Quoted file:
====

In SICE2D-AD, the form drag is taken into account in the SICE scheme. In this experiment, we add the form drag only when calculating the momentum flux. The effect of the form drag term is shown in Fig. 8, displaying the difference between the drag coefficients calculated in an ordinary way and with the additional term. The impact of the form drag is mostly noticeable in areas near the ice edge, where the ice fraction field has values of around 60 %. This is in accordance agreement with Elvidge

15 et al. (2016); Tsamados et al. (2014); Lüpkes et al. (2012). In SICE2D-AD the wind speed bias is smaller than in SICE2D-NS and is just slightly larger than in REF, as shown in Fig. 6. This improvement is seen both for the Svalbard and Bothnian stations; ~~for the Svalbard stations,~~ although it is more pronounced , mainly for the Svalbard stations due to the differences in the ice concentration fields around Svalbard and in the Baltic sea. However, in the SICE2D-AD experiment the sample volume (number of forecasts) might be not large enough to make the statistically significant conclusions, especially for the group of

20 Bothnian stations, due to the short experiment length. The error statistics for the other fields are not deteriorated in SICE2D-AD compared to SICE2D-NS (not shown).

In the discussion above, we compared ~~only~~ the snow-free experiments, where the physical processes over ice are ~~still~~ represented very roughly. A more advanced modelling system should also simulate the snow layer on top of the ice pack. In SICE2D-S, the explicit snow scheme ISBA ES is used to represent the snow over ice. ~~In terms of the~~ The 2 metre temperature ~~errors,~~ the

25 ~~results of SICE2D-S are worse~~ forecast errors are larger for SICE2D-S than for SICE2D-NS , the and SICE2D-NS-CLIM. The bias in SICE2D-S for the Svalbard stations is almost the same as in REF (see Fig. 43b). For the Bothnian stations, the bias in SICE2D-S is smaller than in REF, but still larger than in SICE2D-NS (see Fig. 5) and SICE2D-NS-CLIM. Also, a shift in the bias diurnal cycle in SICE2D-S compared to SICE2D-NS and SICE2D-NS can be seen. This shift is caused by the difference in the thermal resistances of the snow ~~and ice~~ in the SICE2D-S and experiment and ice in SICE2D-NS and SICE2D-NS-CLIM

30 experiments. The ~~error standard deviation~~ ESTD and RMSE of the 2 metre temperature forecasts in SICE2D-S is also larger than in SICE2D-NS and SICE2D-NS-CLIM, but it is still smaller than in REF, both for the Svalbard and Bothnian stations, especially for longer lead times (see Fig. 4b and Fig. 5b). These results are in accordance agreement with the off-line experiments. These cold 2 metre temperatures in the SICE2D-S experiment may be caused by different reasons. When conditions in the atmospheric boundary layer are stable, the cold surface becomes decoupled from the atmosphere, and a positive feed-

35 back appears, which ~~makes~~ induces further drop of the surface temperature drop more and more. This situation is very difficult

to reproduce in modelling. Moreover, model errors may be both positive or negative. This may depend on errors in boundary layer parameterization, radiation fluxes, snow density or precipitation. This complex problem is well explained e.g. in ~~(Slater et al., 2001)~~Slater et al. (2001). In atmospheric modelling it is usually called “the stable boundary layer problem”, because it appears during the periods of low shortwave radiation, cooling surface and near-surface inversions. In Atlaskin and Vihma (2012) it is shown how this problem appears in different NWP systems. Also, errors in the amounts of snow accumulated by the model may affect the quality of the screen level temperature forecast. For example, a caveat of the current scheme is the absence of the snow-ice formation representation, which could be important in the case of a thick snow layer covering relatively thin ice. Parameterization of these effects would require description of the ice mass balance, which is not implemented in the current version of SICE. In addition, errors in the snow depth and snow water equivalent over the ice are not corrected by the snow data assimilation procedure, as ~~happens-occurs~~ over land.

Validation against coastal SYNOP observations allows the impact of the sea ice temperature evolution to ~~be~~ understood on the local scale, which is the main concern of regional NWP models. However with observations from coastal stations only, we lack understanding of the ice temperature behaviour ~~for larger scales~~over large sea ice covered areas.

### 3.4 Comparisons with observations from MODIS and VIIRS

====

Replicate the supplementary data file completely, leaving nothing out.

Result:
In SICE2D-AD, the form drag is taken into account in the SICE scheme. In this experiment, we add the form drag only when calculating the momentum flux. The effect of the form drag term is shown in Fig. 8, displaying the difference between the drag coefficients calculated in an ordinary way and with the additional term. The impact of the form drag is mostly noticeable in areas near the ice edge, where the ice fraction field has values of around 60 %. This is in accordance agreement with Elvidge

15 et al. (2016); Tsamados et al. (2014); Lüpkes et al. (2012). In SICE2D-AD the wind speed bias is smaller than in SICE2D-NS and is just slightly larger than in REF, as shown in Fig. 6. This improvement is seen both for the Svalbard and Bothnian stations; ~~for the Svalbard stations,~~ although it is more pronounced , mainly for the Svalbard stations due to the differences in the ice concentration fields around Svalbard and in the Baltic sea. However, in the SICE2D-AD experiment the sample volume (number of forecasts) might be not large enough to make the statistically significant conclusions, especially for the group of

20 Bothnian stations, due to the short experiment length. The error statistics for the other fields are not deteriorated in SICE2D-AD compared to SICE2D-NS (not shown).

In the discussion above, we compared ~~only~~ the snow-free experiments, where the physical processes over ice are ~~still~~ represented very roughly. A more advanced modelling system should also simulate the snow layer on top of the ice pack. In SICE2D-S, the explicit snow scheme ISBA ES is used to represent the snow over ice. ~~In terms of the~~ The 2 metre temperature ~~errors,~~ the

25 ~~results of SICE2D-S are worse~~ forecast errors are larger for SICE2D-S than for SICE2D-NS , the and SICE2D-NS-CLIM. The bias in SICE2D-S for the Svalbard stations is almost the same as in REF (see Fig. 43b). For the Bothnian stations, the bias in SICE2D-S is smaller than in REF, but still larger than in SICE2D-NS (see Fig. 5) and SICE2D-NS-CLIM. Also, a shift in the bias diurnal cycle in SICE2D-S compared to SICE2D-NS and SICE2D-NS can be seen. This shift is caused by the difference in the thermal resistances of the snow ~~and ice~~ in the SICE2D-S and experiment and ice in SICE2D-NS and SICE2D-NS-CLIM

30 experiments. The ~~error standard deviation~~ ESTD and RMSE of the 2 metre temperature forecasts in SICE2D-S is also larger than in SICE2D-NS and SICE2D-NS-CLIM, but it is still smaller than in REF, both for the Svalbard and Bothnian stations, especially for longer lead times (see Fig. 4b and Fig. 5b). These results are in accordance agreement with the off-line experiments. These cold 2 metre temperatures in the SICE2D-S experiment may be caused by different reasons. When conditions in the atmospheric boundary layer are stable, the cold surface becomes decoupled from the atmosphere, and a positive feed-

35 back appears, which ~~makes~~ induces further drop of the surface temperature drop more and more. This situation is very difficult

to reproduce in modelling. Moreover, model errors may be both positive or negative. This may depend on errors in boundary layer parameterization, radiation fluxes, snow density or precipitation. This complex problem is well explained e.g. in ~~(Slater et al., 2001)~~Slater et al. (2001). In atmospheric modelling it is usually called “the stable boundary layer problem”, because it appears during the periods of low shortwave radiation, cooling surface and near-surface inversions. In Atlaskin and Vihma (2012) it is shown how this problem appears in different NWP systems. Also, errors in the amounts of snow accumulated by the model may affect the quality of the screen level temperature forecast. For example, a caveat of the current scheme is the absence of the snow-ice formation representation, which could be important in the case of a thick snow layer covering relatively thin ice. Parameterization of these effects would require description of the ice mass balance, which is not implemented in the current version of SICE. In addition, errors in the snow depth and snow water equivalent over the ice are not corrected by the snow data assimilation procedure, as ~~happens-occurs~~ over land.

Validation against coastal SYNOP observations allows the impact of the sea ice temperature evolution to ~~be~~ understood on the local scale, which is the main concern of regional NWP models. However with observations from coastal stations only, we lack understanding of the ice temperature behaviour ~~for larger scales~~over large sea ice covered areas.

### 3.4 Comparisons with observations from MODIS and VIIRS